Then write the stuff down. As ideas come to you, let your fingers bring your balloons down to earth. That way you can not only judge a notion dispassionately. You can also come back in ensuing days to determine how the initial impulse is holding up in terms of your desire to pursue it. Keep writing notes for each idea as they strike you. The growing preponderance of one area probably means it’s the right one.

You’re not foreclosing options that may come up later in the first draft. The embrace of early notes does not reach far at all. But what you will accomplish is setting aside obvious wrong choices that you stumble through for 50 pages before wanting to slit your throat for all the time you’ve wasted.

Exercise: Your intentions can filter everything you learn about a subject. If an early movie star was dashing, ask yourself: how would that quality fit into my notes? When research is grist for the mill, you will find facts can spur wavelets of creativity. They push you closer to a conception that satisfies you.

“Intuition is the clear conception of the whole at once.”  —Johann Kaspar Lavater

Copyright @ 2021 John Paine. All rights reserved.


A Sparkling Ring

Embarking on a new book begins with the vaguest of notions. An idea pops out of the ether, and that spark can loop around and around in your head. Along its orbits coalesce related ideas that seem worthy of inclusion. Once this spinning core gains enough gravity, an author can be moved to write down some initial notes about the project. 

The circumstances of the setting, maybe some plotting notes, some ideas about characters can spin out onto the page. I encourage authors to let them come out randomly, since good notes cannot be forced. Or rather, the ones prematurely organized will likely be discarded at a later date. A more profitable enterprise during this opening phase is focusing on who the players in the drama will be.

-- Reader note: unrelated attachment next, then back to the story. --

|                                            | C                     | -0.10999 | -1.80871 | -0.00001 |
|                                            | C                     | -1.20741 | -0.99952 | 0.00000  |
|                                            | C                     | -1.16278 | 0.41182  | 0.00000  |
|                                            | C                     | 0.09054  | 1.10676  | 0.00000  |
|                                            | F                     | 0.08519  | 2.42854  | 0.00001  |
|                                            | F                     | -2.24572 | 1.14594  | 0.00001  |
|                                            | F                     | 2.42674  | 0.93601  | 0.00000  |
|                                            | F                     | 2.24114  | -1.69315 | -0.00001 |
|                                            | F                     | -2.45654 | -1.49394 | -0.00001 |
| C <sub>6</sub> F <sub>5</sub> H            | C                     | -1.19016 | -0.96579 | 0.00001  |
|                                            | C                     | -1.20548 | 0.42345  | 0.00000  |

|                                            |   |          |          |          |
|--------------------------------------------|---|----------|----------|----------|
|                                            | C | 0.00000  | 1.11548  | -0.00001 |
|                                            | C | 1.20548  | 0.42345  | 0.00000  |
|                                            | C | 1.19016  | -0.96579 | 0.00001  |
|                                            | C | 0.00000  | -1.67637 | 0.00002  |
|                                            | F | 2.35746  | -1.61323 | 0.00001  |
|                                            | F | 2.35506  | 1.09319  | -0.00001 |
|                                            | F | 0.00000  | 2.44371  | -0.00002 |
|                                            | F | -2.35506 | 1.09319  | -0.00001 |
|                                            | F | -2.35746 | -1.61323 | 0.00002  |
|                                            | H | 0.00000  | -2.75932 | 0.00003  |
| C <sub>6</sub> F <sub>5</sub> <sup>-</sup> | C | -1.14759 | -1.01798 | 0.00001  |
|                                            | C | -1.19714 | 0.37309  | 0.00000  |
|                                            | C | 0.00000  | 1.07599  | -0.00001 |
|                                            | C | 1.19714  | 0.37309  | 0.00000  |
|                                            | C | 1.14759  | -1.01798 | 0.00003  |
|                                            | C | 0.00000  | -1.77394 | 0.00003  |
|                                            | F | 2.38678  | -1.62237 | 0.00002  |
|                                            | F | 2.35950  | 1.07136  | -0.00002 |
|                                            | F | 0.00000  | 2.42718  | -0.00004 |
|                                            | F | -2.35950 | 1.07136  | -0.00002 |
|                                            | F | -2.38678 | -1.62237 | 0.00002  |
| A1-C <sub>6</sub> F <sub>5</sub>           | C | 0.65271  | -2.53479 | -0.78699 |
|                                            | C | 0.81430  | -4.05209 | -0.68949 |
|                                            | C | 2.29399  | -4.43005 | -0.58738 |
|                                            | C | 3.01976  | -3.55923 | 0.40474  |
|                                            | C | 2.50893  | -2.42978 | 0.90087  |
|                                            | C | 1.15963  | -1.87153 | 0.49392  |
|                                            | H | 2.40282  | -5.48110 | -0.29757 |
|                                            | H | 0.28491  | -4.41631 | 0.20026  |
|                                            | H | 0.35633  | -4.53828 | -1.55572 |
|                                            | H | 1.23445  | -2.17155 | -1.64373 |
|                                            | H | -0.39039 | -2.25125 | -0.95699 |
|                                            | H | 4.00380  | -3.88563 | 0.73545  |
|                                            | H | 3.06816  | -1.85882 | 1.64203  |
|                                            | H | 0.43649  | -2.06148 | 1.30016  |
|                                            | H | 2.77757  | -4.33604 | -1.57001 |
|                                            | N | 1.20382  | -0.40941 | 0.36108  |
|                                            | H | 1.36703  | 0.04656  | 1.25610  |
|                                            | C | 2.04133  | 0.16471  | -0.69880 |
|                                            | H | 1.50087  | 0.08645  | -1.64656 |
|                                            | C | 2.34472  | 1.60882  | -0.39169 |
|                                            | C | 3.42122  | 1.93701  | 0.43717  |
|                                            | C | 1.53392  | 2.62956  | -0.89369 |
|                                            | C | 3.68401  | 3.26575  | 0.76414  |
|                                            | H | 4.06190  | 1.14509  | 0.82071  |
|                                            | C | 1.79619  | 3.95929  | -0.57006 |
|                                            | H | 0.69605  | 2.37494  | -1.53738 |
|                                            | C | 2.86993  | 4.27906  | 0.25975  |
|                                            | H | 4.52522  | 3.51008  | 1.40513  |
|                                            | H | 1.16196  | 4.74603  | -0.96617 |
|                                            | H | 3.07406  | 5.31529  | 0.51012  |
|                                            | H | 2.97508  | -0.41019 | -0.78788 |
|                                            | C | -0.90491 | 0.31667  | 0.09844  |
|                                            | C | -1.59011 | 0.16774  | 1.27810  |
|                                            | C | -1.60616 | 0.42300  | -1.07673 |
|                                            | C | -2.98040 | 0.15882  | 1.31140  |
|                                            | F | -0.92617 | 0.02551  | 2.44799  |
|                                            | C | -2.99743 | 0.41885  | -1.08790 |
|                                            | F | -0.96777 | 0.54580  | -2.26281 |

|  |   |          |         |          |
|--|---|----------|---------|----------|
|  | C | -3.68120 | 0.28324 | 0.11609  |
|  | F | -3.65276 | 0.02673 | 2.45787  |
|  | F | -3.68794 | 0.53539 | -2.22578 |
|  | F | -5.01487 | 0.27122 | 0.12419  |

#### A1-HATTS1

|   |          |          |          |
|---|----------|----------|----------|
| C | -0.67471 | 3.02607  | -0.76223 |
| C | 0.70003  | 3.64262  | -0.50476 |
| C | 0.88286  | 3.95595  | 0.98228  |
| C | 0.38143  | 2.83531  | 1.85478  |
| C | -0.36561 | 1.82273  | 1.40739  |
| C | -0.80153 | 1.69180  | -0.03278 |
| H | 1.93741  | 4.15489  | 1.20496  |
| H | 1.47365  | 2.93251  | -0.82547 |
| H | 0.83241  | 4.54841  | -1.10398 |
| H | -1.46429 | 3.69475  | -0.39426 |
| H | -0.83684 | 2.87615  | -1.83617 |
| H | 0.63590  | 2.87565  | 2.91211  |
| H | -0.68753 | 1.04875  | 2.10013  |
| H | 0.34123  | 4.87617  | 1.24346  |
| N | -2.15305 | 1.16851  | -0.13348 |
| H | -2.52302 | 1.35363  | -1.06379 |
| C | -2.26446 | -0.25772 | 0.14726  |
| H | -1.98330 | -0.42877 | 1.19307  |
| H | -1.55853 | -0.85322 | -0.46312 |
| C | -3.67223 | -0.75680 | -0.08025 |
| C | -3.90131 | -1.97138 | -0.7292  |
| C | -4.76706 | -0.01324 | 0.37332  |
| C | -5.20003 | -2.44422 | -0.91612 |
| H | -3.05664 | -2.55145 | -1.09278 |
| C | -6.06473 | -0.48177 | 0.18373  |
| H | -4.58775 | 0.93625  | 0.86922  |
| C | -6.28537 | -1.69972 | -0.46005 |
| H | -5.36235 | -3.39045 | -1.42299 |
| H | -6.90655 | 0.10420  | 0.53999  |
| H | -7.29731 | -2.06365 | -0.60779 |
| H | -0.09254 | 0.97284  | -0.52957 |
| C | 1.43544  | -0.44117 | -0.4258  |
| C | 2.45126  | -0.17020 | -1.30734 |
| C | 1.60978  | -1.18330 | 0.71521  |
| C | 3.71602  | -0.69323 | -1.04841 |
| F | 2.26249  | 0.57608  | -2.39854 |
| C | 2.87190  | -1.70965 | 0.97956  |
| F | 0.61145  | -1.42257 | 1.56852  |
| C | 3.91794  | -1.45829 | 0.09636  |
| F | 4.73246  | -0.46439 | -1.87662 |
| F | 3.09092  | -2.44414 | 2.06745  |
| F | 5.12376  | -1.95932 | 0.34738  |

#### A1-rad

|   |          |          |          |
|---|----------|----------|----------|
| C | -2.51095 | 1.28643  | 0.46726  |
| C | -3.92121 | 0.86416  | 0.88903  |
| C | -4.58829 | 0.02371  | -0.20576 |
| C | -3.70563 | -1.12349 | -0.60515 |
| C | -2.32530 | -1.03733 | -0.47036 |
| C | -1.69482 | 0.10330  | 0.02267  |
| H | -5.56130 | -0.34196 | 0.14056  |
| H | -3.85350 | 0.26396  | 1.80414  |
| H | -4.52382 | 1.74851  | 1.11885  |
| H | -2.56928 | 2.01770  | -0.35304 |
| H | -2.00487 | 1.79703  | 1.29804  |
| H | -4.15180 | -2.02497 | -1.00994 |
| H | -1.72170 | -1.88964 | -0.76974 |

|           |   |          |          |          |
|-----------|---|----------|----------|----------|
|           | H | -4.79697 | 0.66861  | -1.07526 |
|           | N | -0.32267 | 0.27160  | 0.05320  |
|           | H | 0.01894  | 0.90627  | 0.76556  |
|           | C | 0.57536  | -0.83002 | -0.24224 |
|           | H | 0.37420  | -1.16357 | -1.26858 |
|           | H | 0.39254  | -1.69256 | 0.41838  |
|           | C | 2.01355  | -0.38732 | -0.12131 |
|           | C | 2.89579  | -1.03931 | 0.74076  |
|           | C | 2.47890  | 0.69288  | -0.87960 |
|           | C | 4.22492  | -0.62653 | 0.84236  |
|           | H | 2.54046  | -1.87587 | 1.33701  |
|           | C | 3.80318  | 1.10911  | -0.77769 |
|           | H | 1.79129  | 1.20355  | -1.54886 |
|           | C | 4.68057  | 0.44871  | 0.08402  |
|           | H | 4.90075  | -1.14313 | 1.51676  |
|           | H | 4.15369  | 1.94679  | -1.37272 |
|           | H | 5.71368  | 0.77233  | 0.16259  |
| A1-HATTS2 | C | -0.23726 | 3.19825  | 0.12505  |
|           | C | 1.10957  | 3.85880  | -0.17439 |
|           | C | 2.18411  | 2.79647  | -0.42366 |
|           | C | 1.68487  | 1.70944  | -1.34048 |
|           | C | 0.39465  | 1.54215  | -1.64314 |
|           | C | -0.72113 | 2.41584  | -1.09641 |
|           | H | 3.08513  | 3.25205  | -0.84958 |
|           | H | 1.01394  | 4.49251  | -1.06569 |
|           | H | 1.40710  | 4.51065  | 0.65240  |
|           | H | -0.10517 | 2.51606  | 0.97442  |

Such initial notes should concern the protagonist, to be sure, but you may also want to devise some sketches of those immediately around the center. The qualities of the hero will exist, after all, within the context of others. You could spin out long paragraphs about what themes and personality traits you’d like to see, but what good are they in isolation? Is the novel only going to feature one character? 

Opposition to the hero’s desires needs to be found. Otherwise, you would not have any drama. That means detailing at least one antagonist that will specifically create obstacles for the hero. If you examine your notes on what the story is about, you can draw up an ideal enemy that will thwart the hero’s desires at multiple points along the novel’s journey. 

That includes only the antagonist. All of the major relationships must contain conflict of some sort. A happy family doesn’t exist in fiction, or rather, any members of the family that are content should be relegated to background noise, filling out the scenery. Does the protagonist have immediate family members? They could frame how the hero acts, possibly decisively. Choosing a pairing of a mother or father, or older brother or sister, would give you multiple mirrors through which to show different facets of your lead. One of them might be a pernicious influence as well, since family relationships are so complex. So, maybe a minor antagonist because we can’t choose our family members.

What comes of expanding immediately to a ring of characters is that you gain various insights from these different directions. Because writing at this stage is not linear, you may come up with a great idea about the hero because you’re were investigating the best friend in college. Another one pops up when describing a quality of the mother. You can fill out the main portrait from the edges as well as from the core.

Exercise: If you let the ideas bang around, pretty soon the separate pages devoted to a half dozen characters, say, are sprinkled with sentences. They can become paragraphs—all of your coordinated good ideas. You may find that’s how creation works best for you, by fortunate accidents.

“The world does not have tidy endings. The world does not have neat connections. It is not filled with epiphanies that work perfectly at the moment that you need them.”  —Dennis Lehane

Copyright @ 2021 John Paine. All rights reserved.


It’s an Outrage